We won't help Govt finalise N-deal with US: Karat

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New Delhi, Sep 13: CPI(M) General Secretary Prakash Karat today categorically stated that the Left will not help the Government finalise the Indo-US nuclear agreement, which is threatening to tear apart the more than three-year-old UPA-Left alliance at the Centre.

''We are not saying scrap the nuclear deal. What we are telling the Government is don't proceed. If it does, we won't be there to help this Government finalise the agreement,'' Mr Karat said at a Conference on 'Indo-US Nuclear Deal-- Implications for Democracy and Sovereignty'.

Supporting him, Forward Bloc General Secretary Debabrata Biswas said the Government should first ''clear the cloud'' then take the next step of negotiating the India-specific safeguards agreement with the International Atomic Energy Agency (IAEA).

In a new insight into the UPA-Left relationship, Mr Karat said the draft of the National Common Minimum Programme (NCMP) mentioned India's strategic alliance with the US, but it was later deleted on Left's insistence.

''We were shown 5-6 drafts of the NCMP, two drafts mentioned strategic alliance with the US. This was later deleted on our insistence so that we could pursue our independent foreign policy,'' Mr Karat said.

Mr Karat said the Government's decision to go ahead with the nuclear agreement had created a political crisis, and underlying that crisis was the bypassing of Parliament. ''Why is the Government adamant on going ahead with the deal when the parties opposing it constitute a majority in Parliament,'' he asked.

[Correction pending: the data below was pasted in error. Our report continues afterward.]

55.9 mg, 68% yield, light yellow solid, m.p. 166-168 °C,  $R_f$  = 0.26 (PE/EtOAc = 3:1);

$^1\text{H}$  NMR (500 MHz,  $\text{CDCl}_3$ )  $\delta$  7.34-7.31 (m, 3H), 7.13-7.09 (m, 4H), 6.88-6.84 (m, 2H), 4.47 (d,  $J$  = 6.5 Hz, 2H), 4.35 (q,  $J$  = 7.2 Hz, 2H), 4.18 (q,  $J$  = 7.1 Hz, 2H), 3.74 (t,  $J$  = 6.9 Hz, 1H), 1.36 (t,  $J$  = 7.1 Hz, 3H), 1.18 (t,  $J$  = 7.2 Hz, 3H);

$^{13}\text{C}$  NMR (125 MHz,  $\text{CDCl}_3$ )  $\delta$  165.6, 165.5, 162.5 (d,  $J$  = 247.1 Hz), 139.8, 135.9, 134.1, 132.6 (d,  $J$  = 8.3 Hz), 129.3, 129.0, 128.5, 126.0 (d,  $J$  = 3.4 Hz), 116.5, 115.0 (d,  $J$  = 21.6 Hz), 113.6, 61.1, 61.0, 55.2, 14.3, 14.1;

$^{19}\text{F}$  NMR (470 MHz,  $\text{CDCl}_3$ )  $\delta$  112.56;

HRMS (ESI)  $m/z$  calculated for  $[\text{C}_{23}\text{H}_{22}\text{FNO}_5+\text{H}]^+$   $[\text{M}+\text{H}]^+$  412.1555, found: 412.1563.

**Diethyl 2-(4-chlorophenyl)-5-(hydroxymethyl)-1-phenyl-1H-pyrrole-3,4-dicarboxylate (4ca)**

The main reason, he said, was that the ''rulers of our country'' had accepted that the US would help India become a major power in the world.

''Much of the ruling establishment in the country, big business houses, media and bureaucracy think that India will become a major power in the 21st century with the help of the US.'' Hitting out at the Government, he said it did not inform the Left that it would sign a 10=year defence framework agreement with the US, nor was this mentioned in the July 2005 joint statement.

''Never has India signed such an agreement since independence,'' he said and added that it was wrong to equate it with the Indo-Soviet framework agreement.

He said military cooperation and strategic economic partnership were the focal points of the nuclear deal.

He said the Left parties endorsed the deal after Prime Minister Manmohan Singh on August 17 last year answered ''the nine points raised by us and the five points by the scientists'', but started opposing it after the Hyde Act became part of the 123 agreement in December.

''We are telling the Government not to proceed with the next step-- that of negotiating with the IAEA. It calls for some examination. Let Parliament opine on it. So far they have not agreed. They should find a solution. Let us see.'' The CPI (M) General Secretary said underlying the agreement was the commitment to US President George W Bush.

''Why this commitment to Bush, which overrides all commitments to the people,'' he asked.

He said the Prime Minister was seeing Bush as the greatest friend of India among all American Presidents. In fact, Bush was the most hated president whose rating was less than 30 per cent, he added.

''The PM should be careful in choosing friends,'' he said.

In a sarcastic remark, he said Japanese Prime Minister Shinzo Abe, a friend of the US, had resigned, while another friend, Australian Prime Minister John Howard, was on his way out. Yet another, Pakistan President Pervez Musharaff, was facing problems at home.

''We don't want our PM in that category,'' he said.


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